Distributing Organizations Report and Feedback Eighteen representatives of distributing organizations responded to the survey. Overall, the program was received positively by distributing organizations. Some representatives of distributing organizations expressed frustration that the program was only available to those living within walking distance to the market.

Number of Administrators Responding to Survey

Of those who responded to the survey, 50% liked the process and 61% thought the distribution method worked well. When asked about the criteria to determine recipients of the market dollars, 44% would not change the criteria, 33% would change the criteria, and 28% were unsure. Respondents received no negative reactions to the program from clients, 61% received positive feedback, and 39% were indifferent or unaware of response. The $20 market dollar amount was considered fair by 86%, while 10% recommended the amount be raised to $50. Recommendations for improvement included making the program available to those not within walking distance (28%) and 4% recommended offering the program only to singles, couples, or sole support parents with dependent adults

Survey Response 100

%

75%

86%

50%

25%

50

%

61%

0% Liked the Process

Thought Distribution Method Worked Well

Thought $20 Market Dollar Value was Fair


Market Dollar Report

“Very helpful for those in need.� -Market Dollar Distributor

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Market Dollar Report

Outcomes: Reaching our Goals Goal: To achieve a redemption rate of 50% or higher among Ontario Works recipients Outcome: 57.82% redemption rate among Ontario Works recipients The program was rolled out gradually during the month of July in order to test the processes. Low redemption rates in the early weeks of the program reflect this. The overall program redemption rate was 57.82%. Market Dollar Redemption Used All Used Some

247 60

Didn’t Use Any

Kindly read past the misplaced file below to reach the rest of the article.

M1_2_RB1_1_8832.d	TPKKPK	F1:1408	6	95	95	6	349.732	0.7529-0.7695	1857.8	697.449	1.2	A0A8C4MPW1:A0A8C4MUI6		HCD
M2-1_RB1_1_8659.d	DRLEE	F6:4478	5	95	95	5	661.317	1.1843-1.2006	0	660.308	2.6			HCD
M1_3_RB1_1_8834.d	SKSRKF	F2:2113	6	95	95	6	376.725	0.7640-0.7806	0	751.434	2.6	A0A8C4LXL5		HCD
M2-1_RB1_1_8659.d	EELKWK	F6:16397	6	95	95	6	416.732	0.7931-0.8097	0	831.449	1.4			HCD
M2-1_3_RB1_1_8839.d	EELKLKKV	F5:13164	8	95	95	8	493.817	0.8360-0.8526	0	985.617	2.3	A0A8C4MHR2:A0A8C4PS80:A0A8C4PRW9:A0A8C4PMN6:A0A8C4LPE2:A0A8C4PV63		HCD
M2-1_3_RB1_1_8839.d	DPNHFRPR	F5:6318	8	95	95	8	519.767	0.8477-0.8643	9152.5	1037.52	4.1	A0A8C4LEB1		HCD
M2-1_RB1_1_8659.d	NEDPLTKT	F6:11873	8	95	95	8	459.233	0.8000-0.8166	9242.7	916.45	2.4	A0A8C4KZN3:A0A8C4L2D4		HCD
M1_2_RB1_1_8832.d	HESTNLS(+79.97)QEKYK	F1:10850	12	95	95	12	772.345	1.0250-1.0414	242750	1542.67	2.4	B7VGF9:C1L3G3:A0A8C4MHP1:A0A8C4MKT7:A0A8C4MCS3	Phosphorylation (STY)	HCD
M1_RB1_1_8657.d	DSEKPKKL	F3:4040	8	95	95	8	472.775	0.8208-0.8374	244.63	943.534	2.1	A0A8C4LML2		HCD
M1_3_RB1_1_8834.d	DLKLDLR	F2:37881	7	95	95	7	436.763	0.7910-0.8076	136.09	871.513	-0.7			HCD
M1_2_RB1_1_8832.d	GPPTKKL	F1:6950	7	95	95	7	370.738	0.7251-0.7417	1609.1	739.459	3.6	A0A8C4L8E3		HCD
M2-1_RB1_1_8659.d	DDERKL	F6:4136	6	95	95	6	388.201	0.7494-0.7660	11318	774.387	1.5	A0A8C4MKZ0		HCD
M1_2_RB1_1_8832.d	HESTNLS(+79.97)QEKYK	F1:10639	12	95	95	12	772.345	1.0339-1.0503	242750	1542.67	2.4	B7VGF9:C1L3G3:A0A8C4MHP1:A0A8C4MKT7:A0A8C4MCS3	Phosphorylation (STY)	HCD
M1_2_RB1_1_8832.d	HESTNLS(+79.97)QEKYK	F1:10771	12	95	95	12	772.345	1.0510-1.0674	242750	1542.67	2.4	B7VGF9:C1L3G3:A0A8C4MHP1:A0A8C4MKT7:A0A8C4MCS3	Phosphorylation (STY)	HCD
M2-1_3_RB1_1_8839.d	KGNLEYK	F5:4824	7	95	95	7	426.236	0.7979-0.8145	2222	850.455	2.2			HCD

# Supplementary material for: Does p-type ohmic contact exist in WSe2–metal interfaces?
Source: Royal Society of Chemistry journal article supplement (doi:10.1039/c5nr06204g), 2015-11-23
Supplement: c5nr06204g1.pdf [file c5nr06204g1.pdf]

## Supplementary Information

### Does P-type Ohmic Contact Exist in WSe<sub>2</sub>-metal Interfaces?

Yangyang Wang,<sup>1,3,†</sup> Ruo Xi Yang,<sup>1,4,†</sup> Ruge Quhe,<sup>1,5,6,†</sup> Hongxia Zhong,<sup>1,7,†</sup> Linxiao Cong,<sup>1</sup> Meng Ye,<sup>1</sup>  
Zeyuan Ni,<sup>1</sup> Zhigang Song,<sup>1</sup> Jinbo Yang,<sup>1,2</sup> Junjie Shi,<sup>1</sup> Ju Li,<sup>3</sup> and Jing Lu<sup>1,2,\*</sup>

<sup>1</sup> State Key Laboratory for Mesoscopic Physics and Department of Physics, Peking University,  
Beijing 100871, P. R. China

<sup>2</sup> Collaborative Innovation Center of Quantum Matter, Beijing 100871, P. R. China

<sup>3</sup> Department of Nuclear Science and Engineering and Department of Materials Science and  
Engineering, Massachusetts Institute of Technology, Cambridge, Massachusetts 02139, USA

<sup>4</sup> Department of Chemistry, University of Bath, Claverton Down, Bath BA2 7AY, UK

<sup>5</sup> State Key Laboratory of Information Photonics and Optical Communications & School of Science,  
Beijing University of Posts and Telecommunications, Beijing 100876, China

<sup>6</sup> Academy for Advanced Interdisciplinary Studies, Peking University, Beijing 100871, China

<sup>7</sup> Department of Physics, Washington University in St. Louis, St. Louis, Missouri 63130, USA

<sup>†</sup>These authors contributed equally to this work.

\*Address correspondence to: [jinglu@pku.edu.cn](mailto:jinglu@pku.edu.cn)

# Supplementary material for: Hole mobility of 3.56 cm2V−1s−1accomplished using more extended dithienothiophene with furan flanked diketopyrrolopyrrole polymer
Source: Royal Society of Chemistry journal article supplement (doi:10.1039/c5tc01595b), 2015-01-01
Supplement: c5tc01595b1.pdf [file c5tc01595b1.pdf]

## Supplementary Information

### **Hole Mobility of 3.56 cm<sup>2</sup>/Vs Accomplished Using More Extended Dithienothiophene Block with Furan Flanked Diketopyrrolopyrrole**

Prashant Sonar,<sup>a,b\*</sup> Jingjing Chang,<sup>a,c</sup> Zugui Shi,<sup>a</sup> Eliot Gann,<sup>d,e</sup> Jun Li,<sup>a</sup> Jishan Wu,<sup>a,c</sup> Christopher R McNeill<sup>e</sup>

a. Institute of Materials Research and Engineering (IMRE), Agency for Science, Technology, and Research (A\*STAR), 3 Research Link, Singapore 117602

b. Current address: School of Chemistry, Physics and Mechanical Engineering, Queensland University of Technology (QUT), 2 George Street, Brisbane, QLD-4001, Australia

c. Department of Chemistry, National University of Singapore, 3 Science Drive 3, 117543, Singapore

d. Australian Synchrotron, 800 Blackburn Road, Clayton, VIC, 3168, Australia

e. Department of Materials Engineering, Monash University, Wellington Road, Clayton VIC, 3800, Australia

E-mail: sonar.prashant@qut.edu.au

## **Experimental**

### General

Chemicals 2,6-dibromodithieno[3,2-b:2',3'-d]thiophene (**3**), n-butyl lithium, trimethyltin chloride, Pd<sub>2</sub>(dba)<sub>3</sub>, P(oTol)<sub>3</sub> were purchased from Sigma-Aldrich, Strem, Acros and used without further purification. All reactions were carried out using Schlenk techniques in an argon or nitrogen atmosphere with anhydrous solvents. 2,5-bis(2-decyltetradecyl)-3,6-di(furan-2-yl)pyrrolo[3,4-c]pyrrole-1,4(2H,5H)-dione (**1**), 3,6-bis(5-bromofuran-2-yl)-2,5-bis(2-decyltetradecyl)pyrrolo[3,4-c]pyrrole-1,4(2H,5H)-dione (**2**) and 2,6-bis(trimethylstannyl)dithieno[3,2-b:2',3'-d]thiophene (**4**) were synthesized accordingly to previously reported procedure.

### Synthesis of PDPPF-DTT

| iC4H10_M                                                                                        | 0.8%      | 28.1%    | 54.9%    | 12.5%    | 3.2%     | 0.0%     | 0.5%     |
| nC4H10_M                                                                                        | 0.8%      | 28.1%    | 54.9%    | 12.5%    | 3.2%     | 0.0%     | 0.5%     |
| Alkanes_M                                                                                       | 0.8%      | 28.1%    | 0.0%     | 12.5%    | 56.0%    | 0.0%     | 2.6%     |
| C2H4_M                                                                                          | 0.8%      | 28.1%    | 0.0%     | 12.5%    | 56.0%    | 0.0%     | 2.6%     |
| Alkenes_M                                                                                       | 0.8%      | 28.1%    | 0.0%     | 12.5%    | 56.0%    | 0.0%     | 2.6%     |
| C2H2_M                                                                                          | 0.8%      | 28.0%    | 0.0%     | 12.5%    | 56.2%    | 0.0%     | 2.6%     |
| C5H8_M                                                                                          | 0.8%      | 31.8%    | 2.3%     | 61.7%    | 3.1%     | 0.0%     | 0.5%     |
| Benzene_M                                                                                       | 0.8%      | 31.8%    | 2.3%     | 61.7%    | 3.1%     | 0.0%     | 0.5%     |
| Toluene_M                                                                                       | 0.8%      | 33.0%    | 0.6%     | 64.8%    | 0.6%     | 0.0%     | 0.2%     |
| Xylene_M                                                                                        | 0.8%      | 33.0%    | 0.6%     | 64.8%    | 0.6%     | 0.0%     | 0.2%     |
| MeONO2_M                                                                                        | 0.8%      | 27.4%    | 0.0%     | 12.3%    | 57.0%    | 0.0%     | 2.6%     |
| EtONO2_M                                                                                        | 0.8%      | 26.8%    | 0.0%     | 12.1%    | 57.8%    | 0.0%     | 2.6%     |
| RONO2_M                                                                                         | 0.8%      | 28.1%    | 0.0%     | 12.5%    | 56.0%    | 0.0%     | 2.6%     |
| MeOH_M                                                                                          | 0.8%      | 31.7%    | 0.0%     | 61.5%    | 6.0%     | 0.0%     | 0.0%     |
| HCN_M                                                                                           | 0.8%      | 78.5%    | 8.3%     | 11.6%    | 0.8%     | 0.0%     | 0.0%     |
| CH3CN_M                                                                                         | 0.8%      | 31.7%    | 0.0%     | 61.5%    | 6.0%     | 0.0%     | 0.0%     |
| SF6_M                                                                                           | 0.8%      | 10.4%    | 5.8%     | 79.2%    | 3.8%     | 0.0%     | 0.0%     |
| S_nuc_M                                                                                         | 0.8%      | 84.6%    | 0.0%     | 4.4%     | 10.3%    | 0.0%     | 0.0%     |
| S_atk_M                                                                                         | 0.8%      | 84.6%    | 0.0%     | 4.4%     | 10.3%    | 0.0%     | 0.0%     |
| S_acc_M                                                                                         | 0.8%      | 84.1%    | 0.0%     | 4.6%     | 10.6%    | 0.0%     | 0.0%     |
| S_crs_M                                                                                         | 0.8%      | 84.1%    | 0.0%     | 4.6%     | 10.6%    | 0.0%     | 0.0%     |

224

Total Households Given Market Dollars

531

Total Household which Redeemed Market Dollars

307

Redemption Rate Among Ontario Works Recipients

57.82%


Market Dollar Report

Goal: That healthy food purchases account for 50% or more of market dollars redeemed by Ontario Works recipients Outcome: Produce, meat and fish account for 68.4% of purchases Total market dollars redeemed by classification: Category

Dollar Amount

Percentage

Produce

3041 52.7%

Baked goods

1294

22.4%

Meat/Fish

906 15.7%

Other - non food*

251

4.3%

Other - food**

212

3.7%

70

1.2%

5774

100%

Personal care products Grand Total

Value of market dollars redeemed per market day: Date

Dollar Amount

July 6, 2013

48

July 13, 2013

18

July 20, 2013

34

July 27, 2013

34

Aug 3, 2013

78

Aug 10, 2013

59

Aug 17, 2013

225

Aug 24, 2013

113

Aug 31, 2013

1457

Sept 7, 2013

941

Sept 14, 2013

1210

Sept 21, 2013

658

Sept 28, 2013

***123

Oct 5, 2013

394

Oct 12, 2013

382

Grand Total

5774

*O  ther non-food includes community group donations, arts/crafts, jewelry, pet care, etc. ** O  ther food includes prepared raw food goods, nuts, tea, coffee, herbs, spices, smoothies, etc. *** S  eptember 28 the City of Windsor required the market to change its hours of operation from 8am – 1pm to 1pm – 4pm (see Limitations to Evaluation Data on page 20).

Produce, Meat and Fish Purchases .

68.4%

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Market Dollar Report

Goal: A 20% response to the market dollars survey and 70% of participants indicating they would use the program again. Outcome: 7% response rate to the market dollar survey despite an incentive of a chance to win one of two $50 gift cards. Approximately 95% indicated they would participate in the Market Dollar program again.

Participants Who Would Participate in the Market Dollar Program Again

95

%

Our secondary goals were: • Increase exposure, revenue and support for local farmers’ market vendors Outcome: The program injected 5,774 dollars into the Downtown Windsor Farmers’ Market’s income stream. • Increase familiarity with and comfort shopping at the farmers’ market Outcome: More than 90% of participants surveyed indicated that they would return to the Downtown Windsor Farmers’ Market.

Participants Who Would Return to Market Again

More than

90%


Market Dollar Report

“Close-by is excellent. This is wonderful.� -Market Dollar User

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Market Dollar Report

Expense Summary Funding Grant: United Way Centraide of Windsor-Essex County Donation: City of Windsor Social Services Senior Leadership Team Sub Total

$10,000 $840 $10,840

Expenses Website page

$250

Email address: provided in kind by Pathway to Potential Design and production of market dollars: provided in kind by the Windsor-Essex County Health Unit Market Dollars

$5,774

Sub Total

$6,024